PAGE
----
“It would be better, of course, in a perfect world, if it wasn’t about making money and keeping up bar sales and everything like that,” Phoenix says. “But if they included more minority bands in their lineups, that’d be nice. I mean, there’s an opening act here and there, but there are a lot of bands trying to get into those spaces and they don’t even know how. I still get emails, like really basic, unprofessional emails that I can tell they’ve sent to another venue who just didn’t reply to it… I think there’s gotta be compromises on both levels. The bands need to do a little more and the venues need to compromise a little more. Especially if they want to grow the actual music scene in Atlanta — otherwise it’s just gonna become stagnant.”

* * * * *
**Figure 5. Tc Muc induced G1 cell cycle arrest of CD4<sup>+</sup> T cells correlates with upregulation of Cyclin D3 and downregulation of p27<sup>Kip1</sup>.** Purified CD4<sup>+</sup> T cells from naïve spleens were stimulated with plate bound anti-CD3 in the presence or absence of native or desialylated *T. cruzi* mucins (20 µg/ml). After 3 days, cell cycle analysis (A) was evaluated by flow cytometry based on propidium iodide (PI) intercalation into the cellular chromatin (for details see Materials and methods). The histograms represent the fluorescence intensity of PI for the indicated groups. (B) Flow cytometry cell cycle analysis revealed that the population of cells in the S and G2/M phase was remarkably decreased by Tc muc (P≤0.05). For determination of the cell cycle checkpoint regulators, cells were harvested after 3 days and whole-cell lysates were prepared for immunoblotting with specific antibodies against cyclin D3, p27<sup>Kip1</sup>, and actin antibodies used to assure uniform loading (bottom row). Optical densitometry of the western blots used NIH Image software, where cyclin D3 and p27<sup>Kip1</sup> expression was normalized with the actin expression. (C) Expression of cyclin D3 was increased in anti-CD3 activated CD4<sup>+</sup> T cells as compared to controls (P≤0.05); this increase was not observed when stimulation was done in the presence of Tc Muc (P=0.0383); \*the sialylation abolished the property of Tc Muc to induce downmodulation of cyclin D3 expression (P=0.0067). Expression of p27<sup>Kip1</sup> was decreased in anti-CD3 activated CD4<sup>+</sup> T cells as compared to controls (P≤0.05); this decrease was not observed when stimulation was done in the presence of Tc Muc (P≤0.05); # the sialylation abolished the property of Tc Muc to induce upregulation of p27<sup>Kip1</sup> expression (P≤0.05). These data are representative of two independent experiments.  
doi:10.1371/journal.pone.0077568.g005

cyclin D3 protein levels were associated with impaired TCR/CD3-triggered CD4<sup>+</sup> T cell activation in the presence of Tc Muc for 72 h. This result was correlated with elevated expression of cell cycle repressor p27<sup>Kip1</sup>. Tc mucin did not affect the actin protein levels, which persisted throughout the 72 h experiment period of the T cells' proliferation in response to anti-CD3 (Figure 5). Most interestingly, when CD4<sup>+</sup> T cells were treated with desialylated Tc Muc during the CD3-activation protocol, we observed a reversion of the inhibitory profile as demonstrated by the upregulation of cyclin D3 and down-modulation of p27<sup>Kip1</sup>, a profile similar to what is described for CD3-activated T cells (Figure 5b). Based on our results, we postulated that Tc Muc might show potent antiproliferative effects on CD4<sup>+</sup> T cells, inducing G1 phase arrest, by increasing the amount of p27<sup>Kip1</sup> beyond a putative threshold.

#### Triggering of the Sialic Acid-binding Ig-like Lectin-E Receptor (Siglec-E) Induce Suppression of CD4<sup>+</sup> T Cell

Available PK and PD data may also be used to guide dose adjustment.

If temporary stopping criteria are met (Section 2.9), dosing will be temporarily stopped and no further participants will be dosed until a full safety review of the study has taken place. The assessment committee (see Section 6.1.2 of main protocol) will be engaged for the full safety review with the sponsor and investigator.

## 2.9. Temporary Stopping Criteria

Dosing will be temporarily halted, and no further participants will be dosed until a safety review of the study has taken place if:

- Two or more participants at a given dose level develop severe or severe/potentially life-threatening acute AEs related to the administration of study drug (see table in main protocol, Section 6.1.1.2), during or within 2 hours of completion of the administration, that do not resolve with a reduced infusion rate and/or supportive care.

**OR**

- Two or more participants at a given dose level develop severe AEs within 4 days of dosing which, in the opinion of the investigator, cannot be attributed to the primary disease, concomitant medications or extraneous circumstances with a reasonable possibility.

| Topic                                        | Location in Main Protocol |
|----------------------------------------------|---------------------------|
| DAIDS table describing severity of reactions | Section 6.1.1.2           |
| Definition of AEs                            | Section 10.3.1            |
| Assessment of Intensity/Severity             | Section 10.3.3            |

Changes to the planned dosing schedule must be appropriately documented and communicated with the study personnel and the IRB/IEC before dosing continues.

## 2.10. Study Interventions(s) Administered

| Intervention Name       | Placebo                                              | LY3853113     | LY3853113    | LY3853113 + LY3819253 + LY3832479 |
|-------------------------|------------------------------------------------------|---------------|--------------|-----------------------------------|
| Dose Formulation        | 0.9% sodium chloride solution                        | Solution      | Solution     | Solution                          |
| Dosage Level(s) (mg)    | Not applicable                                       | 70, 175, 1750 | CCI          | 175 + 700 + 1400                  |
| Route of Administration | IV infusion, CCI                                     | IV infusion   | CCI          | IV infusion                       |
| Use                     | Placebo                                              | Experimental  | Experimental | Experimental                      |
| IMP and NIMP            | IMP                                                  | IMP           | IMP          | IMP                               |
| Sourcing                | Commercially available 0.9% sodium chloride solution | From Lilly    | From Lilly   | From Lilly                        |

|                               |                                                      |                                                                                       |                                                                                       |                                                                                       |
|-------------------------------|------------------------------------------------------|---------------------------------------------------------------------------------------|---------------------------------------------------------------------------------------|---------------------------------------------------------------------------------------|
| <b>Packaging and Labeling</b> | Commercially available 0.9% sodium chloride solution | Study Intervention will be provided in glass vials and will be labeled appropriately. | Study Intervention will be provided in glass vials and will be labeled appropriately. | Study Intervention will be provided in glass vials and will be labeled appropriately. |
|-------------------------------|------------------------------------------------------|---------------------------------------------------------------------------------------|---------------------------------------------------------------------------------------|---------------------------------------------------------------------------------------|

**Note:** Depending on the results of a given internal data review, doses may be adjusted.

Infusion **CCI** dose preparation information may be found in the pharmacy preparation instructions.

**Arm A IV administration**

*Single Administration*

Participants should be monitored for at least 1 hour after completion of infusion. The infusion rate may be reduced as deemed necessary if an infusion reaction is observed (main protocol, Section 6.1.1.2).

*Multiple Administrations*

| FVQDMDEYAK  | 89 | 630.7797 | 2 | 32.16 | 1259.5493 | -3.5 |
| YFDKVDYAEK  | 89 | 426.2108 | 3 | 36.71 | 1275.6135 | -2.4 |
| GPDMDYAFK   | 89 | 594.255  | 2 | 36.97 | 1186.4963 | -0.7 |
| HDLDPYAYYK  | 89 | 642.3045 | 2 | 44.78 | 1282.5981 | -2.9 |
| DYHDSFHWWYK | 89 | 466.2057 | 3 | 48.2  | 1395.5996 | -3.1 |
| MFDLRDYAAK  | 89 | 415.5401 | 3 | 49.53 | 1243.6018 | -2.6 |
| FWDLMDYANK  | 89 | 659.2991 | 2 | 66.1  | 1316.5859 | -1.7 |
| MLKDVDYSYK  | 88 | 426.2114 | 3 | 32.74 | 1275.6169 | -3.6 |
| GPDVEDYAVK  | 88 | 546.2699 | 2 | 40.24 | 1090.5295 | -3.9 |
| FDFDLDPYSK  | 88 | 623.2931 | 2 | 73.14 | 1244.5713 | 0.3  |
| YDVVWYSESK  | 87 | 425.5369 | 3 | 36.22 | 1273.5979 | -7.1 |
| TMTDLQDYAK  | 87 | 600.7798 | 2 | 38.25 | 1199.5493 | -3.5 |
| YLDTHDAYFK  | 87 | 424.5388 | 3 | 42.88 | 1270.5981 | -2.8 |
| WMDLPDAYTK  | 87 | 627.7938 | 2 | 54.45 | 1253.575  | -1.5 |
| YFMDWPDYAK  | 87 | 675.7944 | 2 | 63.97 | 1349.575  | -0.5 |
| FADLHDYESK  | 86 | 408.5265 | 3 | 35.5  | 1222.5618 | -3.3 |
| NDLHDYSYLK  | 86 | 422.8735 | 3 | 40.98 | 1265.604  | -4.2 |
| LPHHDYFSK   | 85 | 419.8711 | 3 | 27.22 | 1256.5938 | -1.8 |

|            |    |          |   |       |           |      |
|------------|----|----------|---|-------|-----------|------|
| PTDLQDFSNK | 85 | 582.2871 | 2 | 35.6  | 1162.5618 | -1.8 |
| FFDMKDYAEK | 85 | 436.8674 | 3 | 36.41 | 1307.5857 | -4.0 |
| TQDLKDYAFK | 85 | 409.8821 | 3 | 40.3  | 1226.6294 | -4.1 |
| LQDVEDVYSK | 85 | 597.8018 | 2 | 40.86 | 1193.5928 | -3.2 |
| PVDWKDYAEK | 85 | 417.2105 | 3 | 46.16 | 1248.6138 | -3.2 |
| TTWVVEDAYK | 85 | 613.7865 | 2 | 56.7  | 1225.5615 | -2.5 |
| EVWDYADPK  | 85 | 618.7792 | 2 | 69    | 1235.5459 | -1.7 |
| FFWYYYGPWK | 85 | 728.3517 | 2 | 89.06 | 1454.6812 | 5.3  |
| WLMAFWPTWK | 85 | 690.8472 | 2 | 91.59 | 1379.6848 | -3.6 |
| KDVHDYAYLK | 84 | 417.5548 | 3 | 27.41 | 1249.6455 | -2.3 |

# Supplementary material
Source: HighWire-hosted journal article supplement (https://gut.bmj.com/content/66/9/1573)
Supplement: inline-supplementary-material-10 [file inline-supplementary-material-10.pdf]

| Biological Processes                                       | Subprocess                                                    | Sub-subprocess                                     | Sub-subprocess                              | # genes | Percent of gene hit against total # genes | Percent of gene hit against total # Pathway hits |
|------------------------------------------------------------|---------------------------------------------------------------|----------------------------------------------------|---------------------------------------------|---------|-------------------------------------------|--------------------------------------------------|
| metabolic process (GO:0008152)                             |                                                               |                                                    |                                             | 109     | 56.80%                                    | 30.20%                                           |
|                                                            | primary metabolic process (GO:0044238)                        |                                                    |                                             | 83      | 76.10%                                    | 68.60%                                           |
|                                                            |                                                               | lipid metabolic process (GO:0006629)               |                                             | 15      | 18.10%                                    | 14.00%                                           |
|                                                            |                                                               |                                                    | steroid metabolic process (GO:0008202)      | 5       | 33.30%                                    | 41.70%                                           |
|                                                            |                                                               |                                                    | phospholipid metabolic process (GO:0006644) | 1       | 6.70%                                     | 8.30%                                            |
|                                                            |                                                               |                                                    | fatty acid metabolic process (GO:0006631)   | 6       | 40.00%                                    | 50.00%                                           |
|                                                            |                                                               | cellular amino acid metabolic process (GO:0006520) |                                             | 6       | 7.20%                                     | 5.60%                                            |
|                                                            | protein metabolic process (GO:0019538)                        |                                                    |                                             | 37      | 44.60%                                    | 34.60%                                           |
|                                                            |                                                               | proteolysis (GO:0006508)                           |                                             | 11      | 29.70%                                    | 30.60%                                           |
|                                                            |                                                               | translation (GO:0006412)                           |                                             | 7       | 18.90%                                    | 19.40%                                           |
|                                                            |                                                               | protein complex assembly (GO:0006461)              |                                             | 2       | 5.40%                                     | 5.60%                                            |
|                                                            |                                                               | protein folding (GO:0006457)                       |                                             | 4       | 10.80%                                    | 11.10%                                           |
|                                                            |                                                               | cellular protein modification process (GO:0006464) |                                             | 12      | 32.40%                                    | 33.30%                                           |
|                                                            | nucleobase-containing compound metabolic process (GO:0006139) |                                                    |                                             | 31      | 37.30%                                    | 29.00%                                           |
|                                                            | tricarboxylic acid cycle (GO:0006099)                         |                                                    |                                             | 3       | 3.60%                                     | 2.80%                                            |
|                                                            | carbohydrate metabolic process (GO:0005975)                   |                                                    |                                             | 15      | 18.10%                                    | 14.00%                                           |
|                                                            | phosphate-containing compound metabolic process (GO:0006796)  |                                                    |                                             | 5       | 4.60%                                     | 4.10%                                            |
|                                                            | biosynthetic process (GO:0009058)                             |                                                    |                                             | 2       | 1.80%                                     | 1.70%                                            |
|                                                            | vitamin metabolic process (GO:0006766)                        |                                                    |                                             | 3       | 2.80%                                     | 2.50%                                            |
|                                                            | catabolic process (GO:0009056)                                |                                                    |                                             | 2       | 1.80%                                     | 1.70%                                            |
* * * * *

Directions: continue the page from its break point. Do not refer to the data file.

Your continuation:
To further assist artists of color, there have been talks of formally adding management and artist development services to PUNK BLACK’s core objectives, but, for now, the collective remains focused on securing additional funding, expanding their events, and building up the black rock scene. Since hosting their first festival two years ago, attendance at their events has grown steadily, as has their network of POC artists, increasing from just five acts at PUNK BLACK’s inception to their current number of over 30 affiliated bands. All things considered, that’s an impressive amount of growth, and Phoenix proclaims they are just getting started.

“In the next couple of years, we’ll start moving into bigger venues,” he pronounces. “We’re looking for more bands, more sponsors — people that will invest in PUNK BLACK. But even then, we sort of want it to grow at the same rate it’s been growing. No matter how much money we have, we want it to grow organically. We don’t want to pump a bunch of money into it and say ‘Now we’re this.'”